A common approach is to try and hold a regular gathering of some kind, perhaps a BBQ or a dinner. Let's say such a group begins holding a series of such dinners. At first there is a certain novelty that keeps the momentum going, but after a while it's likely to become difficult to think of how to make it interesting. If this question is not solved the group will most likely die out.
The first step that could be taken is to move beyond the simple socialising stage and begin a more intentional sharing process. This can begin simply enough by having some kind of 'sharing game' at the dinner. For example, each couple is asked to share how they first met, or an embarrassing moment from when they were dating, or a quiz to test each spouse's knowledge of his or her spouse's interests and preferences. (There is a whole TV show based on this very premise.) This type of thing is a good start, but of course it depends on leadership, and ideas.
A second step would be to introduce a time for dancing after dinner. This can be very informal, and held in the host couple's house easily enough. It only needs to be some quiet waltz towards the end of the evening.
A third step would be to introduce some form of 'after dinner entertainment'. It is usually best if it tends towards light-hearted, and can often draw on the perennial differences between men and women that cause some tension in marriage, as well as being somewhat amusing when portrayed happening to some characters in a skit, for example.
A fourth step would be to have some more serious talks in which a particular couple shares something of the challenges they experience in their relationship. This is more difficult, but if there are some who are prepared to do it, then it can be quite powerful. If it is not possible at the time to find someone willing to do that, an outside speaker can be invited.
There are other ideas too. On a special occasion such as St Valentine's Day each of the men could stand up and recite a love poem to his wife. Or it could be a short statement professing his love for her. Doing this in a public setting adds to its power. Importantly it opens up opportunities such as a men's get together in preparation, where they can help and encourage each other.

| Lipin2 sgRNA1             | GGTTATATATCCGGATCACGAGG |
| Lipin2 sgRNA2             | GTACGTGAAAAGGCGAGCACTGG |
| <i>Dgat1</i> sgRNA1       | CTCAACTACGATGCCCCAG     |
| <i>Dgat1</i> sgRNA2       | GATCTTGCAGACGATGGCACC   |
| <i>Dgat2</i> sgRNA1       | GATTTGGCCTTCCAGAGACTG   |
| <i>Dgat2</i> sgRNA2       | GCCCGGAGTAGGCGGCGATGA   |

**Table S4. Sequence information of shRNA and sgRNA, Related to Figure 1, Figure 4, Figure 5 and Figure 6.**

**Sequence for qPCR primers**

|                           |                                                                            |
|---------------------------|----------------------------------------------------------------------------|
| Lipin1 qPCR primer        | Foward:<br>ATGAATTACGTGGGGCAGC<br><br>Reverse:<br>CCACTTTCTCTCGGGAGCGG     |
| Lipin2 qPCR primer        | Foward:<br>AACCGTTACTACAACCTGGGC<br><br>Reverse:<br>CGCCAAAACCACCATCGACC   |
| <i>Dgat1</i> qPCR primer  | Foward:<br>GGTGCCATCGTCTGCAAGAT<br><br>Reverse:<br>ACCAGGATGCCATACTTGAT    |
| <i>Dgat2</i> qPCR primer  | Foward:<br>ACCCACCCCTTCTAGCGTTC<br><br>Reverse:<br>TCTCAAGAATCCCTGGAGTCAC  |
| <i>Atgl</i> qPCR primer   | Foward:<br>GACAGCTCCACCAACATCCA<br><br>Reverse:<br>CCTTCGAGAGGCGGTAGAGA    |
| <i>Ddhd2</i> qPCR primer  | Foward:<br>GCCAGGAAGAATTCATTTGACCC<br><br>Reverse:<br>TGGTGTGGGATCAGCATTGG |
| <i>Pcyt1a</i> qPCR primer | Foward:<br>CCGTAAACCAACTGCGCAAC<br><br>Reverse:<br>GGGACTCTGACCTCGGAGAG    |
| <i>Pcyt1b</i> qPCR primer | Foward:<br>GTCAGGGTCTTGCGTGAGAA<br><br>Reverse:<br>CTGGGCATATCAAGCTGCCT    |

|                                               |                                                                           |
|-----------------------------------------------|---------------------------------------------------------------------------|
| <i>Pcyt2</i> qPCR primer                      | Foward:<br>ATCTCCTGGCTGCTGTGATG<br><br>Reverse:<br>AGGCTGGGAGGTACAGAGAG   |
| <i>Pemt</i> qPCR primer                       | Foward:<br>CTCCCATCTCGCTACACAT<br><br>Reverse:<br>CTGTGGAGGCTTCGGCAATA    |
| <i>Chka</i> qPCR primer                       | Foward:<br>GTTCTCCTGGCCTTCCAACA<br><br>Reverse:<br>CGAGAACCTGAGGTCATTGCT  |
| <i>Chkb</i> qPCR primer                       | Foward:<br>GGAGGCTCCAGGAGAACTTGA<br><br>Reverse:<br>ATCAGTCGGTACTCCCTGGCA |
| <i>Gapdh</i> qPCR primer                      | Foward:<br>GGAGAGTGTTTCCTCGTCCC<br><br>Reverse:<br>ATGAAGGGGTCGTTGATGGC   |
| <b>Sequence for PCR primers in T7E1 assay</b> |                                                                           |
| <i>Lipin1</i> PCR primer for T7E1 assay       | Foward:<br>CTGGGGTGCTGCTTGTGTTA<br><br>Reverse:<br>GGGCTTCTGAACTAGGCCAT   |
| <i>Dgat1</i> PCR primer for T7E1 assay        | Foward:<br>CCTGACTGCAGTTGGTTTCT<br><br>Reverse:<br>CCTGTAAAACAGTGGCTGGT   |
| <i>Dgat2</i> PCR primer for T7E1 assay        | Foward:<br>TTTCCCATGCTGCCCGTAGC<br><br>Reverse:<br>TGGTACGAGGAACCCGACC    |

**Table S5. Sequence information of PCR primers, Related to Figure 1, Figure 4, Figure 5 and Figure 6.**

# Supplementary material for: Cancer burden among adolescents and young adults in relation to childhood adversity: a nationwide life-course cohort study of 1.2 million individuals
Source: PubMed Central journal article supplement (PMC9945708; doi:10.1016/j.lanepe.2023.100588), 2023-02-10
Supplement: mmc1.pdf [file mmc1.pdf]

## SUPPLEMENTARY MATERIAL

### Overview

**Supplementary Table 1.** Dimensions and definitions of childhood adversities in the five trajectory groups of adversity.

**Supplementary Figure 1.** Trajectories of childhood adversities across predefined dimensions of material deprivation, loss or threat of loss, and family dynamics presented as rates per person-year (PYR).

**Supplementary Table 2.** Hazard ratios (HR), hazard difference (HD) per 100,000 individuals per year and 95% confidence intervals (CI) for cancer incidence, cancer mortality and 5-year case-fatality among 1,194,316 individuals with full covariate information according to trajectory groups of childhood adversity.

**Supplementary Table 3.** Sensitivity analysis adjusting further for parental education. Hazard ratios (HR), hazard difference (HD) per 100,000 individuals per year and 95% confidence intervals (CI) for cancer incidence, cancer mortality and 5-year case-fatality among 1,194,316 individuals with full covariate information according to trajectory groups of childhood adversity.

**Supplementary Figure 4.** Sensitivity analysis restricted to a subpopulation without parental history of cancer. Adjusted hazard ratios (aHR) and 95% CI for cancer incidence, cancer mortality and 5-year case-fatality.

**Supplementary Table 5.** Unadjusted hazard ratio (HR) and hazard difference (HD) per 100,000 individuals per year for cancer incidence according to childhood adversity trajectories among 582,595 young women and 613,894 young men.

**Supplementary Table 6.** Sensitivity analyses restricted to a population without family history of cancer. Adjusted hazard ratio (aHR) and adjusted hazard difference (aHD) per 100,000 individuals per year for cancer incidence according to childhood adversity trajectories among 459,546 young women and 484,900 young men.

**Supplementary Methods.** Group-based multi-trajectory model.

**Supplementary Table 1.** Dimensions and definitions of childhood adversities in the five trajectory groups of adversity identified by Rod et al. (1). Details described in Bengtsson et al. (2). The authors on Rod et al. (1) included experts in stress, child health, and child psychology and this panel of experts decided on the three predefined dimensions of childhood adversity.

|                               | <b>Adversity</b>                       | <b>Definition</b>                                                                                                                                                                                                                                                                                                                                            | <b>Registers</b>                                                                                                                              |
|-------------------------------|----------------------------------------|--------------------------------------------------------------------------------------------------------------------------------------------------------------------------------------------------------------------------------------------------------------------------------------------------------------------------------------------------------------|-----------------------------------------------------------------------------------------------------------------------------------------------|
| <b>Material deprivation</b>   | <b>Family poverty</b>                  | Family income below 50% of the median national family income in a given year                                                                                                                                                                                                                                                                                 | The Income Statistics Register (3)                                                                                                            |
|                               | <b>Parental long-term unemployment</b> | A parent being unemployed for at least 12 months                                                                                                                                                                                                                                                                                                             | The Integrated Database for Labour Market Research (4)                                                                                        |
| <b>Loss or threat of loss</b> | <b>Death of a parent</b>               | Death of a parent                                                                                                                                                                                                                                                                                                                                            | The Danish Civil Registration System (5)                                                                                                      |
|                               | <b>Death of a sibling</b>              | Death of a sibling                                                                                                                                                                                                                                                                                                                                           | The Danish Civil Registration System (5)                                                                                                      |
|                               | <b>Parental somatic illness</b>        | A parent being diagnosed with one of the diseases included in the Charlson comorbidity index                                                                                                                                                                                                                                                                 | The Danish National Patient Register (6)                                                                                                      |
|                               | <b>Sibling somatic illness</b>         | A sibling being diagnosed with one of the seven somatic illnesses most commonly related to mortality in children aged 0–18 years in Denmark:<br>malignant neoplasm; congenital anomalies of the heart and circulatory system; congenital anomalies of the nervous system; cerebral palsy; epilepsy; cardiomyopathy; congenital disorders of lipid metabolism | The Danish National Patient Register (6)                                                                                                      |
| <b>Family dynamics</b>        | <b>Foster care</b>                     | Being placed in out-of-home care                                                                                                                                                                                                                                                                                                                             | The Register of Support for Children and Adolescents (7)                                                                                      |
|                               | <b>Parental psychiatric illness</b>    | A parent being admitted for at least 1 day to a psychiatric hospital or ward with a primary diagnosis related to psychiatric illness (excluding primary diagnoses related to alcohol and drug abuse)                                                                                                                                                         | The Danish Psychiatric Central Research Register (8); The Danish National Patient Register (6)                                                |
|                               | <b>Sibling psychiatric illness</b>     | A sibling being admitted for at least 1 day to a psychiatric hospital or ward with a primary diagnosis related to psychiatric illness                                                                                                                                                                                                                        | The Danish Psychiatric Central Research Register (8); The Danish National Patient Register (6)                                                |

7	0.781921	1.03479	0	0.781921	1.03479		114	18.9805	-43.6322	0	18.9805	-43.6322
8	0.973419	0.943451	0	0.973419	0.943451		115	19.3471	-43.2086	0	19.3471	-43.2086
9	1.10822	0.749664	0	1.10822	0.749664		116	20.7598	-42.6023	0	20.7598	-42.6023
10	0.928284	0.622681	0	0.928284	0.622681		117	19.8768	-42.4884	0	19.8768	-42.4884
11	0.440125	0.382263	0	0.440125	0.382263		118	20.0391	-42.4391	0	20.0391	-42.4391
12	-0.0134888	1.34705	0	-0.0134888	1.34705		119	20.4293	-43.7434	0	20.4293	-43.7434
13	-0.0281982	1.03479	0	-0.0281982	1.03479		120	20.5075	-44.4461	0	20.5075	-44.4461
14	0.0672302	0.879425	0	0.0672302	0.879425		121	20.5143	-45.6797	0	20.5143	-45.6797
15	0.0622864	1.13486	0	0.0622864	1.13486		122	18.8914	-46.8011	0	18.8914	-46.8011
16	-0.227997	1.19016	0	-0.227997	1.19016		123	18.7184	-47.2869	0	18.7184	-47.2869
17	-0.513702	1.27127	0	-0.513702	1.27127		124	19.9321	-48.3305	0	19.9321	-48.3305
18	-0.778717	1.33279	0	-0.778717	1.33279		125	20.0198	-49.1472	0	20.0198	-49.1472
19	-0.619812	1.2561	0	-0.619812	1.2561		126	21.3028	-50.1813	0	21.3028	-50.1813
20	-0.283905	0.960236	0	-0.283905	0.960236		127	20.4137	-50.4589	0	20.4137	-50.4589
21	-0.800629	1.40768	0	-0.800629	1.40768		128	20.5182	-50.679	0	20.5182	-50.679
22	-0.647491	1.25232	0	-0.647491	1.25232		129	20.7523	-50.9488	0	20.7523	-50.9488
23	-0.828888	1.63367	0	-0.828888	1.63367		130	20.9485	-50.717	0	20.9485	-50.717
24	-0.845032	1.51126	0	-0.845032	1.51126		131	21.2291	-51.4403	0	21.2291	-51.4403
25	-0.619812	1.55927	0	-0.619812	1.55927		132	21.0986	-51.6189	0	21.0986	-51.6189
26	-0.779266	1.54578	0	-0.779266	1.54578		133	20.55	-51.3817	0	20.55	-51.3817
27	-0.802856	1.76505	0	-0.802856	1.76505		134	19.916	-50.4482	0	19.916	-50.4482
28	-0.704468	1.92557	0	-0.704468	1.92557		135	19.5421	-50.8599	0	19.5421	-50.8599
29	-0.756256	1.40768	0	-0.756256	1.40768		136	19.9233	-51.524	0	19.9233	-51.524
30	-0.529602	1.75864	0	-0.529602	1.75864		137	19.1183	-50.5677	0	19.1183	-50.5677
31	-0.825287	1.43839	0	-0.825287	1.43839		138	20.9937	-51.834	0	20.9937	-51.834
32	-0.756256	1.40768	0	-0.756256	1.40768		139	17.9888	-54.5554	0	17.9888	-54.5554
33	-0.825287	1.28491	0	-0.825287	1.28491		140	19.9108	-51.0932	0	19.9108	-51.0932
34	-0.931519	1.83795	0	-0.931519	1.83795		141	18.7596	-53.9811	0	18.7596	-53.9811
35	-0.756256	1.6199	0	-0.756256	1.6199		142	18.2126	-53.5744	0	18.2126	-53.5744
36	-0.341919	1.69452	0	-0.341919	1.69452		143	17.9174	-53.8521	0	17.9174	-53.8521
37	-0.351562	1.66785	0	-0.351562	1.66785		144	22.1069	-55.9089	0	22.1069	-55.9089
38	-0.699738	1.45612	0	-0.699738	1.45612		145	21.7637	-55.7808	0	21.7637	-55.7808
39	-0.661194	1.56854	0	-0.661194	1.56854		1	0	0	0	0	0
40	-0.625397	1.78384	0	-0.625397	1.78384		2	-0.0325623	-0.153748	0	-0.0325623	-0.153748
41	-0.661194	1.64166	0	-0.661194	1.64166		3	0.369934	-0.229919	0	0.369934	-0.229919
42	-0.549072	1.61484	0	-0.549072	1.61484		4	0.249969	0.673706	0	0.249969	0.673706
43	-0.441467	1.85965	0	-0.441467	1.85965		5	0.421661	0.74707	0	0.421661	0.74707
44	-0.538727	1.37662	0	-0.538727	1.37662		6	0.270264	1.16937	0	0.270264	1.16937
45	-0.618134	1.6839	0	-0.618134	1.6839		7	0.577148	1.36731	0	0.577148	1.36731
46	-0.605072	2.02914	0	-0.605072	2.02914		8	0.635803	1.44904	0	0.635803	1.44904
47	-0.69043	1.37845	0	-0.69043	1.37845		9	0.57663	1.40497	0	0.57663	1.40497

A couple could act out a humorous skit representing some common situation in marriage. This can lead on to discussions, both in the group, and privately by couples later on. If no one can be found to perform such a skit, or as a variation, an outside troupe could be invited. If this kind of thing develops, such troupes could become another option for those drawn to acting and performing.
As such practices develop the demand would help to increase the supply of suitable material and people. There is also scope for singers at such occasions.
I hope this brief introduction to strategy gives the reader enough ideas to see how such an approach could work to attract many people who would otherwise not turn up to 'educational events'. Such dinners can also be done periodically on a larger scale to draw in more couples, who can then be encouraged to further involvement.
From a core group and simple beginnings such a strategy can expand to include dances, theatre and all kinds of cultural gatherings. It can also lead on to more specifically spiritual events such as retreats and church celebrations.
The more specifically educational events can then be seen in this fuller cultural and spiritual context, and draw on a larger pool of people. Even if many couples never become 'regulars' they can still benefit from feeling welcome, and from being involved from time to time.